Some hits( and a few misses) from my kitchen and garden
January 20, 2011
As temperatures dipped into the 40's this afternoon and a cold front promised another hard freeze in Austin tonight, nature is saying "Spring" rather than winter in parts of my garden. These daffodils were poking there heads through the ground and others nearby were 12 inches tall, looking like they are about to burst into bloom. The tall ones broke ground mid- December, believe it or not.
The clematis "pitcherii" that I transplanted in the fall are also poking through the leaves. I moved them near the roses with the hopes they will be happier with the light and climb up the branches. Three years old, they never flowered in the previous location which got a little AM sun but was mostly shady. This Texas native has small blue bell- like flowers and I'm keeping my fingers crossed that more sun will inspire them to flower. I've only seen pictures of the flower so it will be quite exciting when it blooms.
I've lived here long enough to know that these harbingers of spring are in no way an indication that winter has gone( we got snow on Feb. 23 last year!), but it sure is uplifting to see something green growing in the garden.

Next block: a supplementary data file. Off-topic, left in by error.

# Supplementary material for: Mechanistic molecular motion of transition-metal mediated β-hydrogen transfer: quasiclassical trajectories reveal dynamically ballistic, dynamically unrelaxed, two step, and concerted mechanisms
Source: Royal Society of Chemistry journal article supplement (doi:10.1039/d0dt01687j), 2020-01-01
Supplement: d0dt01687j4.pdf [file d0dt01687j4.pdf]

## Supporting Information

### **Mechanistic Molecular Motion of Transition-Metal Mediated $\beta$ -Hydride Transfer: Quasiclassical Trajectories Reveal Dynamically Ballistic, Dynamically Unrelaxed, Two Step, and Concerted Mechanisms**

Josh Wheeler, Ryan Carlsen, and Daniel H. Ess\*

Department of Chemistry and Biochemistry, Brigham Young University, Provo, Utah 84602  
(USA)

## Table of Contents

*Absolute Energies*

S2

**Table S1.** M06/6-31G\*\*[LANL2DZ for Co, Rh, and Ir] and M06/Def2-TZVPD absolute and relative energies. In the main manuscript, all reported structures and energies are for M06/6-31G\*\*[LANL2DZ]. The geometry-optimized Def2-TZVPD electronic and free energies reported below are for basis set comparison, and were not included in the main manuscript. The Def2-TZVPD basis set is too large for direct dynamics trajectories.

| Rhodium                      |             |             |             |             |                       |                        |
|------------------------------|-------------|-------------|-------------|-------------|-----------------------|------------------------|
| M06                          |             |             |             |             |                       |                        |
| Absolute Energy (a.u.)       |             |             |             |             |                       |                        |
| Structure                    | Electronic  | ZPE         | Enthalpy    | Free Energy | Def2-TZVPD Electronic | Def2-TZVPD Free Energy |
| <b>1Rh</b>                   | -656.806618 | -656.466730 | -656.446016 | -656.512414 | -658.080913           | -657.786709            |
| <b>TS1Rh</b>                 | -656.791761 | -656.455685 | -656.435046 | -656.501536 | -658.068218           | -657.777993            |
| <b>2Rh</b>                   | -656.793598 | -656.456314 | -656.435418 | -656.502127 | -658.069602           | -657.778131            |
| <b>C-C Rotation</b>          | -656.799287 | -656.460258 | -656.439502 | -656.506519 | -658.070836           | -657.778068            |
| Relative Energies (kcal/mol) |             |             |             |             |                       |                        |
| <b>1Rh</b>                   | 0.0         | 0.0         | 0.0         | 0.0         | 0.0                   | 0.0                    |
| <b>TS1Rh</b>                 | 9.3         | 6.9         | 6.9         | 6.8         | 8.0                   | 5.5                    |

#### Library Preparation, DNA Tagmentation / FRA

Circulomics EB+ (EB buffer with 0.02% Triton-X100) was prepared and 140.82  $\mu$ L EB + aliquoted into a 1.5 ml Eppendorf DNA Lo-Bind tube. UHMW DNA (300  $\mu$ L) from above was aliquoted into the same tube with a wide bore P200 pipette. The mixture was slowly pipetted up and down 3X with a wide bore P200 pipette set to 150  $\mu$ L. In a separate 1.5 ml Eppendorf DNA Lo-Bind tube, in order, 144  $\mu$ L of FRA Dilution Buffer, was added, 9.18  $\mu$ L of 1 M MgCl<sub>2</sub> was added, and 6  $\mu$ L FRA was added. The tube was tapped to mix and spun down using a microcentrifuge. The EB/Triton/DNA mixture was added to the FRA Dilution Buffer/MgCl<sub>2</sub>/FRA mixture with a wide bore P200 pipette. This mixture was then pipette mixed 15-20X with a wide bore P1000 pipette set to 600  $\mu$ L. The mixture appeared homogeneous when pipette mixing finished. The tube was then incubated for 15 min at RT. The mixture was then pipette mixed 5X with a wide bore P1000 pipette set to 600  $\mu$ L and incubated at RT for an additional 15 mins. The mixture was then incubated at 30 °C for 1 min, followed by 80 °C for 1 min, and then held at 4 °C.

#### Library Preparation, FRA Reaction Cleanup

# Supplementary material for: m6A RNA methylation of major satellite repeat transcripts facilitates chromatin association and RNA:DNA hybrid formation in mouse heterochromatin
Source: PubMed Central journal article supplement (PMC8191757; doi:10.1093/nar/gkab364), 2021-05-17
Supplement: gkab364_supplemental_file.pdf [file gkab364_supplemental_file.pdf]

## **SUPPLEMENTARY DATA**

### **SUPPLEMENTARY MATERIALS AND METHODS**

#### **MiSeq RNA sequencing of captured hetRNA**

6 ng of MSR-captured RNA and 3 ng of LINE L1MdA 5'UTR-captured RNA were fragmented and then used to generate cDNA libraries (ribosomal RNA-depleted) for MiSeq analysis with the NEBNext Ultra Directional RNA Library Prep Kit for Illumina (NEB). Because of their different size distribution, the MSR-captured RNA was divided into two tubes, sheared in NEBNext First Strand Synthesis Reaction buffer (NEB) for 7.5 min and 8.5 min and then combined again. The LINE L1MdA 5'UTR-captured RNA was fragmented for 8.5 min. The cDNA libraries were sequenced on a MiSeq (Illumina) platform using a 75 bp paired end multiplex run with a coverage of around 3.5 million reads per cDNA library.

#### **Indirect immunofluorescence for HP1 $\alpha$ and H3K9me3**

I came to gardening through my love of food. Growing up in the Midwest, most of our meat, vegetables, eggs and dairy came fresh from my grandparents farm and gardens. When I became a chef, the quest for hard to find or good quality fruits and vegetables spurred my first forays into gardening in upstate New York. I made ice cream from the antique roses and canned jams, jellies and relishes from the bountiful harvests.
But gardening in Texas has been a whole 'nother story. The heat, the years of drought, followed by endless rain and flooding not the mention the bugs and critters like I'd never seen. The years I got maybe 6 tomatoes from 3 plants.
But it just renews and lifts my spirit to see the flowers and the birds coming back in the spring or to pick a big juicy orange right from the tree.
I look forward to sharing my adventures with you and invite your participation and feedback.
Thank you for visiting.